My Lords, as a former hospital chairman, I am aware that agency staff are called in only when they absolutely have to be, when there is no other alternative. I wonder whether the National Health Service has looked at offering existing nurses in hospitals the opportunity of doing some more work out of hours, as some of them would find that convenient. There is a tendency for doctors as well as nurses to look for locum and agency jobs because they are better paid.
It is that last issue that we are trying to address. One factor is that there is now an hourly rate price cap on agency spend, precisely to drill down into that issue. The reason that the number of agency staff went up was in response to the Francis review and what it said about safe staffing levels in the service. The immediate response was to deal with that through agency staff. That was expensive, of course, which is why we have had to push down those costs. Nurses have to come from somewhere, and my noble friend is quite right that using existing nurses and support from nursing banks is one way of meeting demand with better value for money.
My Lords, I noted carefully the Minister’s words about 10,000 extra nurses on the wards. Can he update the House on the position for community and district nurses?
The number of those nurses has fallen—as have the numbers in mental health, which is worth pointing out—and we are trying to address this. I think I made a slip of the tongue a moment ago when I said that £5,000 more will be spent each year on training nurses; I meant that there will be 5,000 more student nursing places.
My Lords, the Question further teases out the sometimes expensive inadequacies in workforce planning in our NHS. Under the circumstances of the winter crisis and the 40,000-nurse shortfall, clearly trusts have no choice sometimes but to take on agency staff in specialist and other services—and this is expensive. Does the Minister expect that the late funding made available for the winter crisis will be spent largely in this way? Will his department penalise trusts for using agency staff in this way?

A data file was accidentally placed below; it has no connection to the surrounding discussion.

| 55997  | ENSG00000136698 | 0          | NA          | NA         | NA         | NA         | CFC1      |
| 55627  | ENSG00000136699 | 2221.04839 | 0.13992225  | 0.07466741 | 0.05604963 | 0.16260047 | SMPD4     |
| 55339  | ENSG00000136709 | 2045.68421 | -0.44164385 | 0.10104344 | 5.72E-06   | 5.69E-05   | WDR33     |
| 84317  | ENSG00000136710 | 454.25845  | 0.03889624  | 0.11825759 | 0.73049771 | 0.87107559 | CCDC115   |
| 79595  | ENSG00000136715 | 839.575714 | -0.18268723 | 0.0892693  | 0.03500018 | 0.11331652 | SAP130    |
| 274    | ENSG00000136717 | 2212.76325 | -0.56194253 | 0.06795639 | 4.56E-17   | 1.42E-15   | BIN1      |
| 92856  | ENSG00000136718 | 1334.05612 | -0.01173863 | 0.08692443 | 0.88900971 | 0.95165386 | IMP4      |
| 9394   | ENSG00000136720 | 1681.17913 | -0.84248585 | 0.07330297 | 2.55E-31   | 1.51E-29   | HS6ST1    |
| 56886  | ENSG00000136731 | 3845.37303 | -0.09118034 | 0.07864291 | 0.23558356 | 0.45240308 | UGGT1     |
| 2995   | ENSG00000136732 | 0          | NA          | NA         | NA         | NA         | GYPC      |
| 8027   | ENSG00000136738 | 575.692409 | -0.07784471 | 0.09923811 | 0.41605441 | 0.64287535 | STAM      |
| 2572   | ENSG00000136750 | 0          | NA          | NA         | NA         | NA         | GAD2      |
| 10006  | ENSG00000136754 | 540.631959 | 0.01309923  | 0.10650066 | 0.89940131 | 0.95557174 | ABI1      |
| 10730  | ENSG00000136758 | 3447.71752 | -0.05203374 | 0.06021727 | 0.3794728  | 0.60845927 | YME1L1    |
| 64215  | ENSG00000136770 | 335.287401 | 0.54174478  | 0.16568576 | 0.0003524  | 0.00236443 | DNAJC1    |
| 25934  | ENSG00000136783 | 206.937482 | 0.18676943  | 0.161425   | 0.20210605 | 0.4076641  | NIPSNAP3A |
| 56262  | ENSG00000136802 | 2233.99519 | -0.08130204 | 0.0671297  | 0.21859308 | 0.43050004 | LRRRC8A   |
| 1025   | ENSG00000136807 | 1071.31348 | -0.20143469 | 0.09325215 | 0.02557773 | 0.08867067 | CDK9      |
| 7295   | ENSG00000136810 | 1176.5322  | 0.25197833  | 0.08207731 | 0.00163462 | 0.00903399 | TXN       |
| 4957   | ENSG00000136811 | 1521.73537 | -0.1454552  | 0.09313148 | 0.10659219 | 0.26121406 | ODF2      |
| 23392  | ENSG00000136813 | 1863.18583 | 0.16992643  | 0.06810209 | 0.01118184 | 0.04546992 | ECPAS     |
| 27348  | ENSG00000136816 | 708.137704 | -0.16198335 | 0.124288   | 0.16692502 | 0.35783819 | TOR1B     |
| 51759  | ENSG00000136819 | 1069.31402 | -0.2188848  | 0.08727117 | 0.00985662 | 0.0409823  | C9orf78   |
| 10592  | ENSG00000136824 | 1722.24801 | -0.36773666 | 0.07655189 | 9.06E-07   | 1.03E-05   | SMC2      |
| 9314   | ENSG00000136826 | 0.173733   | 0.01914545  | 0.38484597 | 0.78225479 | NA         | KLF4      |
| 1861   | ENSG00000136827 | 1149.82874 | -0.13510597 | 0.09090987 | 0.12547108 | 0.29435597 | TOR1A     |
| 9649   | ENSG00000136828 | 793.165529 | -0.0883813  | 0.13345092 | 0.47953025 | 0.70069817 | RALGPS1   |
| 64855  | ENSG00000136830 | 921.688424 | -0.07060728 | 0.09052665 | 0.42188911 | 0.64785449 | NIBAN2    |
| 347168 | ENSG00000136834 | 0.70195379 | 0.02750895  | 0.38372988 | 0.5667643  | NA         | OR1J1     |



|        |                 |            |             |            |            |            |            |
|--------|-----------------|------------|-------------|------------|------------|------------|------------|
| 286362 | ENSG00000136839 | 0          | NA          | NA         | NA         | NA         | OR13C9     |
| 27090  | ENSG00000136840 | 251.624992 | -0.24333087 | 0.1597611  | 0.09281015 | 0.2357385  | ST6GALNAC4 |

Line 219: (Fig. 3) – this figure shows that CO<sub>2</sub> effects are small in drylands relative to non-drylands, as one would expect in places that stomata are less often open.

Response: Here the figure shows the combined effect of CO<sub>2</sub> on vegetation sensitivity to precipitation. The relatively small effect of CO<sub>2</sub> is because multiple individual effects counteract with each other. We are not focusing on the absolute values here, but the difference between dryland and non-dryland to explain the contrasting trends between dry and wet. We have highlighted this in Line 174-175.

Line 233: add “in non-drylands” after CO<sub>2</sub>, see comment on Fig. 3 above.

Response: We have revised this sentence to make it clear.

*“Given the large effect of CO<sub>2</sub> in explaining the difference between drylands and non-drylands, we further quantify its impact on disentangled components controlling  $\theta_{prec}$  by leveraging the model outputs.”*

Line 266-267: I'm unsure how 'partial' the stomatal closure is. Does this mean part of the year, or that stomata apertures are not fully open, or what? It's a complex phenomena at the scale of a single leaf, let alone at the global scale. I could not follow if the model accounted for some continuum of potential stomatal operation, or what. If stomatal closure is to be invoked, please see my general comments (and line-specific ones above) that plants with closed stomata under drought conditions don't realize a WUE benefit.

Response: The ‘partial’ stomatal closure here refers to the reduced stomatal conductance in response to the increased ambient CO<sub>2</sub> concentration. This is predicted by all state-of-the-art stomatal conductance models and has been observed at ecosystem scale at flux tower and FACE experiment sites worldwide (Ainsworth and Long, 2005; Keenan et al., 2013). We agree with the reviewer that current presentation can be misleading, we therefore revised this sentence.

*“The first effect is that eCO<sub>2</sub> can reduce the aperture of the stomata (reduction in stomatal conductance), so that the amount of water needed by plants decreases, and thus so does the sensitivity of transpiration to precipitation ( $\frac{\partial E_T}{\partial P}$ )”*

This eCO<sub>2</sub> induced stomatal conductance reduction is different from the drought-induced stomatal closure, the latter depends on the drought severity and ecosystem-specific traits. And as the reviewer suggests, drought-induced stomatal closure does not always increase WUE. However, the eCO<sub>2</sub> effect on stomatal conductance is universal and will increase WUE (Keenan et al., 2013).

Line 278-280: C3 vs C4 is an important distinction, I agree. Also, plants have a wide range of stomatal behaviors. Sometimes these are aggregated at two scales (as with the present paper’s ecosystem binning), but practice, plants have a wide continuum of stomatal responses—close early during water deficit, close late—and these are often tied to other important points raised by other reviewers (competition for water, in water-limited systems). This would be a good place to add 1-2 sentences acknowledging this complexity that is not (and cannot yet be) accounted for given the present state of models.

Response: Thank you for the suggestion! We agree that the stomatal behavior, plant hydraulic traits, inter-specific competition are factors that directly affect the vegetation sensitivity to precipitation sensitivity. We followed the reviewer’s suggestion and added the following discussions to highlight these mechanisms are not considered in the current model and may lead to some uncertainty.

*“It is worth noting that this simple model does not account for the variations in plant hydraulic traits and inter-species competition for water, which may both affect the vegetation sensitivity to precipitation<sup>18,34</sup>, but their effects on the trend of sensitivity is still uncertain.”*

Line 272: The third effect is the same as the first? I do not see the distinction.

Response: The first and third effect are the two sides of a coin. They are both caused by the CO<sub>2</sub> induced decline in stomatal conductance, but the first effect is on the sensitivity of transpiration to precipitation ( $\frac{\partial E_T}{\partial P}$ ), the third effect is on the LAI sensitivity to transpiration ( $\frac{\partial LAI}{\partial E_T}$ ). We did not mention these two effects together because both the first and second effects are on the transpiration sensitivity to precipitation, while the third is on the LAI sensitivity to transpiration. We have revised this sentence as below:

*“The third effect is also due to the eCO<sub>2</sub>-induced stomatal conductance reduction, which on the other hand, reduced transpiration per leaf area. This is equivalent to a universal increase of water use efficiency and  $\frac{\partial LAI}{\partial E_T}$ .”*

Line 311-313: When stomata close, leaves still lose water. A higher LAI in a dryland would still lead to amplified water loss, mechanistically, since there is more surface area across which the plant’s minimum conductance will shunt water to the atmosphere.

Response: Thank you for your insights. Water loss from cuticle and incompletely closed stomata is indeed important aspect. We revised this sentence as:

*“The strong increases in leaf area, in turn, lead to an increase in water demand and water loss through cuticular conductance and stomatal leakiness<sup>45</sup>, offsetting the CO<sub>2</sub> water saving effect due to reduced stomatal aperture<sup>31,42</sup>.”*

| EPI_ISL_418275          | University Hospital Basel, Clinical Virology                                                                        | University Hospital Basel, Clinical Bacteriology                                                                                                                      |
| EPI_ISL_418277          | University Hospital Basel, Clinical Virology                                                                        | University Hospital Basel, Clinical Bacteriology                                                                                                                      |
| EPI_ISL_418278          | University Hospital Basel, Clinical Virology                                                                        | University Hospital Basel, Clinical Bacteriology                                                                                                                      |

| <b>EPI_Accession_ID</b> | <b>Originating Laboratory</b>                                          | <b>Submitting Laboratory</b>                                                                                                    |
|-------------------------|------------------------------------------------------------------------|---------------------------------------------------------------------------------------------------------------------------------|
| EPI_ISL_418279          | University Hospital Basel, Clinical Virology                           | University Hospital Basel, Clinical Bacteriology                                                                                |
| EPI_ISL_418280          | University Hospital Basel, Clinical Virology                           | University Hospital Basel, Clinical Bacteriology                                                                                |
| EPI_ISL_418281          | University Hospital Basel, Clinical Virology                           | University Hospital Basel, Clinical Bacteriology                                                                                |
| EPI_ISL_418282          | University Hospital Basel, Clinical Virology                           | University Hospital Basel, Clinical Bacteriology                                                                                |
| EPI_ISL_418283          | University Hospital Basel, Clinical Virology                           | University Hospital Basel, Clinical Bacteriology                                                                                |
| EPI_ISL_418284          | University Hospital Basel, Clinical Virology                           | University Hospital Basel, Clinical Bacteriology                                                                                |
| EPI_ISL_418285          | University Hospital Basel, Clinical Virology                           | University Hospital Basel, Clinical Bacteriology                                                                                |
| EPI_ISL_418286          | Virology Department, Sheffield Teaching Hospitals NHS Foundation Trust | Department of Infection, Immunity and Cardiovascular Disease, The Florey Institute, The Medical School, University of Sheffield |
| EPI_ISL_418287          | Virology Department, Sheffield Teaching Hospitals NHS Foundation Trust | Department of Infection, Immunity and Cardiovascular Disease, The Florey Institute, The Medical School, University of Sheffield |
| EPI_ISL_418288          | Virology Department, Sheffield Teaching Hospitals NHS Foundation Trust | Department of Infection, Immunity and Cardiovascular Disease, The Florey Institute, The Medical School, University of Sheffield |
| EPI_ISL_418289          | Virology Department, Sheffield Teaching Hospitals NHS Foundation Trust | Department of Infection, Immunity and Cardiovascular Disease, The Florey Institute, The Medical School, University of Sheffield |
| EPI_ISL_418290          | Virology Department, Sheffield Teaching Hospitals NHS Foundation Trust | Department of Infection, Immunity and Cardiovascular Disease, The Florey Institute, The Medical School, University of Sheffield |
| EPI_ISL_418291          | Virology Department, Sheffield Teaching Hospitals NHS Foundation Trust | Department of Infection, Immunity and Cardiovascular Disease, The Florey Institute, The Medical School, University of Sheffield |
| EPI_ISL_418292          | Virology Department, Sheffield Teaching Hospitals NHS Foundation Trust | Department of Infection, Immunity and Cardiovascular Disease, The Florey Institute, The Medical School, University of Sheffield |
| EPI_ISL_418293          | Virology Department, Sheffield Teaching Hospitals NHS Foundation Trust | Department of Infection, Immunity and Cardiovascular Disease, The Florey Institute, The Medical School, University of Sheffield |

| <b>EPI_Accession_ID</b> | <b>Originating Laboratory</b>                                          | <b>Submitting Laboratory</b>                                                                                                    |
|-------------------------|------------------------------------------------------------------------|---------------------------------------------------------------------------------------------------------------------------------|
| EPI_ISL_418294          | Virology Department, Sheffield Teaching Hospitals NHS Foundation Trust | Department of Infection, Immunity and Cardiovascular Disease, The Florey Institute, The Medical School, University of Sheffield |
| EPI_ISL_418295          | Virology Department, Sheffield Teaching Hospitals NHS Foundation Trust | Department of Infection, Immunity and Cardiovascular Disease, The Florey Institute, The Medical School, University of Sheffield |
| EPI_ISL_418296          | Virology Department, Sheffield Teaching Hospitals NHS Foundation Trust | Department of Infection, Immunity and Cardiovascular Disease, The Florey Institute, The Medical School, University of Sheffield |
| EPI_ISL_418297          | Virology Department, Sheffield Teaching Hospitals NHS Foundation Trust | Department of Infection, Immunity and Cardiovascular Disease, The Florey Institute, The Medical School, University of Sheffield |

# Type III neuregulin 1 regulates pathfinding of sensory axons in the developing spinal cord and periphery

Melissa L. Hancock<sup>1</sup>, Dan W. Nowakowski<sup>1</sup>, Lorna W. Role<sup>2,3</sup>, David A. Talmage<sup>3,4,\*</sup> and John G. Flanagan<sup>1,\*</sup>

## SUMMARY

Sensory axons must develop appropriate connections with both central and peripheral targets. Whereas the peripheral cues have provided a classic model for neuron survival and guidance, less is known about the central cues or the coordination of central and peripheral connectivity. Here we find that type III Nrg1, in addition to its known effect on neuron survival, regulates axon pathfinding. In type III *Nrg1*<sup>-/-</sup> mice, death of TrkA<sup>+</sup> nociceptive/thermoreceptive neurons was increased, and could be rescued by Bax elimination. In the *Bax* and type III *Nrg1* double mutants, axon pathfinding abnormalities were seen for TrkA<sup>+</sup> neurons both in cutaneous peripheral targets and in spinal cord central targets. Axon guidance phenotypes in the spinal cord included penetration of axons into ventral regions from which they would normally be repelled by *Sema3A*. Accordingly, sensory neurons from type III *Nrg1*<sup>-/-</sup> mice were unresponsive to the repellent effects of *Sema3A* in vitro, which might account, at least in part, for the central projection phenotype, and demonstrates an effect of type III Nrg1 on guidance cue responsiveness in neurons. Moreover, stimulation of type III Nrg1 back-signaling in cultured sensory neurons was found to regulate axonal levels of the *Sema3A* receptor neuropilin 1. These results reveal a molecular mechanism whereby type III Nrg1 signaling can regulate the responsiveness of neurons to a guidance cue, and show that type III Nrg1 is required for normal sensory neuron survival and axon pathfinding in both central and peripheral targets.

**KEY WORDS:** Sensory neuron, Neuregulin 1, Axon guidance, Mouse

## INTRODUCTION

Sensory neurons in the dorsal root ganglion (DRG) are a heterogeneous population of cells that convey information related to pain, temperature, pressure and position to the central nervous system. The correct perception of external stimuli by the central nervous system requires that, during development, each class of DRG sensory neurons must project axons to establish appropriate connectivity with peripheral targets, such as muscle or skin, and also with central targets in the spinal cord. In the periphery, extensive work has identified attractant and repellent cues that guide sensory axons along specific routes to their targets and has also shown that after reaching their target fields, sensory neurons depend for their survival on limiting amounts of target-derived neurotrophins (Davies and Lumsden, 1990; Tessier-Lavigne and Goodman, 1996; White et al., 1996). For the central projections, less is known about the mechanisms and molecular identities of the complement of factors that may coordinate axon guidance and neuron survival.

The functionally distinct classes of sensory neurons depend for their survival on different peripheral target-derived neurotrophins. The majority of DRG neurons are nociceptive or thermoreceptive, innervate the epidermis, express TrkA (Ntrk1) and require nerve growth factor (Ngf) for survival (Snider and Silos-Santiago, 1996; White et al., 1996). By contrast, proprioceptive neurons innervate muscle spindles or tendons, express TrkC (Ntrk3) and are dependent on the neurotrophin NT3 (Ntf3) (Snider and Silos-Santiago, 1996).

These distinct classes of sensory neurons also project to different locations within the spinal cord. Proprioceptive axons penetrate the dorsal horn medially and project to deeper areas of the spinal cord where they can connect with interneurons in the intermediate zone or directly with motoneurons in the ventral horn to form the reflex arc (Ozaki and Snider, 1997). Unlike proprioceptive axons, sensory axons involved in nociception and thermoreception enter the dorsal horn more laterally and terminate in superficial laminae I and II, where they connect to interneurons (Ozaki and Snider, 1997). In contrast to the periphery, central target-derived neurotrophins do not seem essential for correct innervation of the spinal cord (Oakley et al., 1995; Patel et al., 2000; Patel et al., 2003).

The noble Baroness is quite right that agency staff are sometimes used to fill vacancies—about nine out of 10 vacancies are filled in that way. The key is to make sure that they are used in a proper, planned way that is not expensive. The point about the “break glass” clause is that the rules that exist to cap agency spend can be broken where there is a need and where that need is approved by the trust for patient safety purposes. That is an important feature of the system.
My Lords, in this present crisis, are more nurses taking advantage of the “break glass” clause?
The number of uses of the “break glass” clause has actually fallen since April 2016, which was the peak. This shows that there has been a much more planned use of bringing in extra staff as they are needed, rather than an ad hoc response, which was what it was designed to address.
My Lords, further to the question from my noble friend Lady Pitkeathley, now that the noble Lord’s department has had “Social Care” appended to its title, does he agree that community and district nurses must be a vital part of the interface between healthcare and social care? As he has indicated that he accepts that there are fewer of them, what is being done to ensure that there are more in the future?
That is an incredibly important point. We know the role that district and community nurses have, particularly in the interface between hospitals and social care. I have pointed out that more nurses will be trained. That will provide an opportunity to recruit to those areas which have not seen the increases that other areas of nursing have done, including district and community.